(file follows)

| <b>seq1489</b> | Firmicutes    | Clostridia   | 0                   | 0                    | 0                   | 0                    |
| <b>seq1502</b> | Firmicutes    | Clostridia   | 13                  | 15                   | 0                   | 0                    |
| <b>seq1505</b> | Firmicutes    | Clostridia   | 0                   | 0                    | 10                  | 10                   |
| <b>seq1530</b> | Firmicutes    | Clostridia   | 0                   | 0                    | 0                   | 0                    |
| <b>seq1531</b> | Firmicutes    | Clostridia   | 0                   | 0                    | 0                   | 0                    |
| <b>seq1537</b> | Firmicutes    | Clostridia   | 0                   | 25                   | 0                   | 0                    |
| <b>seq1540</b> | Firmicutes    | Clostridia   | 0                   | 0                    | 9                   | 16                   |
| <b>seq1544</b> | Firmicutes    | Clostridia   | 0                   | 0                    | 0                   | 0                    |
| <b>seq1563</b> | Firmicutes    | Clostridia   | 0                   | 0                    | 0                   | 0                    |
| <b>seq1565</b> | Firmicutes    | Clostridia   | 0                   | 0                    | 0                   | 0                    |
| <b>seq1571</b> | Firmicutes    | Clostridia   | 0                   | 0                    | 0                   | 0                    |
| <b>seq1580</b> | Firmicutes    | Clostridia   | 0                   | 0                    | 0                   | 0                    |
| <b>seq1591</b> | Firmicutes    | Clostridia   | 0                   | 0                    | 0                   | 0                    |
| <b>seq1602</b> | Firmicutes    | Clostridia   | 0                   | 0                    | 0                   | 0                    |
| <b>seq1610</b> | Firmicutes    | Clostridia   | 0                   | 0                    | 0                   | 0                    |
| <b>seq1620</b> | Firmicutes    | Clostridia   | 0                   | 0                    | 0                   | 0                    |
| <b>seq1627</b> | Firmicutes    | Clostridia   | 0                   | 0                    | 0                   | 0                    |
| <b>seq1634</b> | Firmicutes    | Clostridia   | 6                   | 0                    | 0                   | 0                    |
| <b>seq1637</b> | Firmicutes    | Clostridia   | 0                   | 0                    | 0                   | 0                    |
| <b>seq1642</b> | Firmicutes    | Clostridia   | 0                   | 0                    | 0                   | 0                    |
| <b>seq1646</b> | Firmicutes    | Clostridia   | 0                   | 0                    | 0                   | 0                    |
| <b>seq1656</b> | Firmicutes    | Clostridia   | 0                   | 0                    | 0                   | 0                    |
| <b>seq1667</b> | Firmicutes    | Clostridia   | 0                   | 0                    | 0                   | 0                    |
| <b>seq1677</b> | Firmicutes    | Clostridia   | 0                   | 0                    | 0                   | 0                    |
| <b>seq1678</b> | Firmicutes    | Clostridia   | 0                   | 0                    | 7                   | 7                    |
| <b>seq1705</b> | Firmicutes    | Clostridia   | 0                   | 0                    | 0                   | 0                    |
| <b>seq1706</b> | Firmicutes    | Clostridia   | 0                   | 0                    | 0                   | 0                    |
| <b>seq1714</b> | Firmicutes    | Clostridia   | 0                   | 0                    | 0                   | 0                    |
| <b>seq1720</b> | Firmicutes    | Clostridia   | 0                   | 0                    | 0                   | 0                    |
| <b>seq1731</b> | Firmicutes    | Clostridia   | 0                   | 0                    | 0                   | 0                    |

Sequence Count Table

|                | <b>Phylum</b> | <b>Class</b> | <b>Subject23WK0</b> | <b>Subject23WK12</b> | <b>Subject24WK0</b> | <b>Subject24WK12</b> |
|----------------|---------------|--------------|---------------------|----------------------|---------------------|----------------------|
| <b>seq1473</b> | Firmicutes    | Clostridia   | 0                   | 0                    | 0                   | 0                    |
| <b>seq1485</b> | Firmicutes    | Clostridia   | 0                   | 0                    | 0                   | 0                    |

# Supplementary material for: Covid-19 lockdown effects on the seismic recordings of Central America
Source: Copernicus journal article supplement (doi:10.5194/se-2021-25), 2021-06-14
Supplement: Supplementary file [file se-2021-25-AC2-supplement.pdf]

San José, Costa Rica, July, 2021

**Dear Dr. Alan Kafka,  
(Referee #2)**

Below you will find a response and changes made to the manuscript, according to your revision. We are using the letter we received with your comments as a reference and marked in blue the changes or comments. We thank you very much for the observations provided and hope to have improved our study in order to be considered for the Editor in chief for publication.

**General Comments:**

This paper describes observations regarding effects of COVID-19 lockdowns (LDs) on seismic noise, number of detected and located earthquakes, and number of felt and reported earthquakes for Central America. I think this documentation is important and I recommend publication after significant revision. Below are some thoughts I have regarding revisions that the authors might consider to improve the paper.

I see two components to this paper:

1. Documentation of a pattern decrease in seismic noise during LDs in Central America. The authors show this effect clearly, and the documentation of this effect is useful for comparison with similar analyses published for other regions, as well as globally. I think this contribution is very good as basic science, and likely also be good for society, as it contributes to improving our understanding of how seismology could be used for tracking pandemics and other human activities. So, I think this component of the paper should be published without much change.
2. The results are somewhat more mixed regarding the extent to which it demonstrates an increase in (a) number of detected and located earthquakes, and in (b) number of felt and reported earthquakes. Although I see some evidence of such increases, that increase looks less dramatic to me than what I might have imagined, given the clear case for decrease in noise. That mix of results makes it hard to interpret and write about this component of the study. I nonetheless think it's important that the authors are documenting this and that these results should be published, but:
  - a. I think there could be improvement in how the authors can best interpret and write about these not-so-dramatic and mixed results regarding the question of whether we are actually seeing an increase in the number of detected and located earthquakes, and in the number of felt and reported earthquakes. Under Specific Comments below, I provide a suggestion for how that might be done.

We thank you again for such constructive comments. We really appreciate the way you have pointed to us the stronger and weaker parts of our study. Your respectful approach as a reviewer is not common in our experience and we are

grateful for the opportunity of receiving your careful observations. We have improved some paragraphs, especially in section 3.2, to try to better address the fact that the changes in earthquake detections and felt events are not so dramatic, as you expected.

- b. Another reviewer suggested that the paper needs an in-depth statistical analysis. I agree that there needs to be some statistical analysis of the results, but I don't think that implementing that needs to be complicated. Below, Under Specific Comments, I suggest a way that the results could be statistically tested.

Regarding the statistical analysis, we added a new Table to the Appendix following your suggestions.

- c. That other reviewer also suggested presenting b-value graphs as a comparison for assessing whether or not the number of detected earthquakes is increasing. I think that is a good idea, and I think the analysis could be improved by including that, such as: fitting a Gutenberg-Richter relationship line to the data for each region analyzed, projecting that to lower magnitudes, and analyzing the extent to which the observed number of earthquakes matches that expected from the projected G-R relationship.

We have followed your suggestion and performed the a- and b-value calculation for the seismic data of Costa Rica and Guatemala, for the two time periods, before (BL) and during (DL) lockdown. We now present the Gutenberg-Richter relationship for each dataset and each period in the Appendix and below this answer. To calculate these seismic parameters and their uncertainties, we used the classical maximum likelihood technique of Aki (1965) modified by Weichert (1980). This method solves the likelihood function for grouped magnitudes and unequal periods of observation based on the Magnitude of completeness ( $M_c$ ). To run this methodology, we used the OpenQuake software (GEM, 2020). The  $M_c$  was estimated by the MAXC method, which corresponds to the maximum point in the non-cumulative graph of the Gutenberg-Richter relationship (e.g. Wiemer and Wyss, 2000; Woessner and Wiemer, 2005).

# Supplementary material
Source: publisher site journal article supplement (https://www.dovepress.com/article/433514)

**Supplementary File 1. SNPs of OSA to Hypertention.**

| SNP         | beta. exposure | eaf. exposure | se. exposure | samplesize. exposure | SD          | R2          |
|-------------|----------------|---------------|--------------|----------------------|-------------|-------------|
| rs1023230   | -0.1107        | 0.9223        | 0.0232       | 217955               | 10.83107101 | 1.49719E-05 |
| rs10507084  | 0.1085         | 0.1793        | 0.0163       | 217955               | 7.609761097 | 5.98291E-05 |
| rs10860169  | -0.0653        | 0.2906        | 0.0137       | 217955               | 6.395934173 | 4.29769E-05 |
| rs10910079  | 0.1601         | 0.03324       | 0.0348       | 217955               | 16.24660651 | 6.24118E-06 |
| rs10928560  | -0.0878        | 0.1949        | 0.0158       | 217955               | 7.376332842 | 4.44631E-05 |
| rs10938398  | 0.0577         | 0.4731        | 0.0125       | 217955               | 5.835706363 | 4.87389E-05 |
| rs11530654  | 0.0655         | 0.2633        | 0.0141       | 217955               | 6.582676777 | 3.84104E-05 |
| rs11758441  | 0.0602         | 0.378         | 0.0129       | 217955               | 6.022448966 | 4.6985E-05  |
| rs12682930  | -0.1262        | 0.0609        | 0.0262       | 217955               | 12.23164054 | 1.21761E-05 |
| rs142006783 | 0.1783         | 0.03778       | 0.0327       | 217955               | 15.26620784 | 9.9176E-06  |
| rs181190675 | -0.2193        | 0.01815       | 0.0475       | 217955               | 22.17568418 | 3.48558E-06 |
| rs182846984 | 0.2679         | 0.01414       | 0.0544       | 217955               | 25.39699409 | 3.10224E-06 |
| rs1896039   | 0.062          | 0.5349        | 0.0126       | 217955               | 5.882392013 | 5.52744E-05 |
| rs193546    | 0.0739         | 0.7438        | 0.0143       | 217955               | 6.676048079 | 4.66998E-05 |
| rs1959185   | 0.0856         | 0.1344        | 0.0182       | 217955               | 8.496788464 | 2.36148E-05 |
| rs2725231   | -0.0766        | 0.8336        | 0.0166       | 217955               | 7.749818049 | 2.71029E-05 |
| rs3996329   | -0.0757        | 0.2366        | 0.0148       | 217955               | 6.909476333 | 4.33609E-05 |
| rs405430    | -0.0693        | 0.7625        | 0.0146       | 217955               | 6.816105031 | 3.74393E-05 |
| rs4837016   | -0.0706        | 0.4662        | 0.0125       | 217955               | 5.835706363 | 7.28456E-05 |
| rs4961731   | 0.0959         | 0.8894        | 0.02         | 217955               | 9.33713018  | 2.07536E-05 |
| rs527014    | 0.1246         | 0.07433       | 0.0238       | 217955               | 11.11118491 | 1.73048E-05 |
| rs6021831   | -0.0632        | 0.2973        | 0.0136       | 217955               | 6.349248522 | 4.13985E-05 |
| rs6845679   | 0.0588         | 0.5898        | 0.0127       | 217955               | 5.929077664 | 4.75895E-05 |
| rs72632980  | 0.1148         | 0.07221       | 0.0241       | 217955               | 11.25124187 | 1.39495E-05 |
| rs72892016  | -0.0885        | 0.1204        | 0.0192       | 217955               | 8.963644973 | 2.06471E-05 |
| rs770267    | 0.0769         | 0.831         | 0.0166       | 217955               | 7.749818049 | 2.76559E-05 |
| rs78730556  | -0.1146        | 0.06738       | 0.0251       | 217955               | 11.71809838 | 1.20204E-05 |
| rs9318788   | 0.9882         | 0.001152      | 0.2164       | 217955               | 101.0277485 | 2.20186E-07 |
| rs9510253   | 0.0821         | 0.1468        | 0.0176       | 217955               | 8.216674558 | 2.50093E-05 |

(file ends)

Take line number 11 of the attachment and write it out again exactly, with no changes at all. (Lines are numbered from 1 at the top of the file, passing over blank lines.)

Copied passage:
| <b>seq1571</b> | Firmicutes    | Clostridia   | 0                   | 0                    | 0                   | 0                    |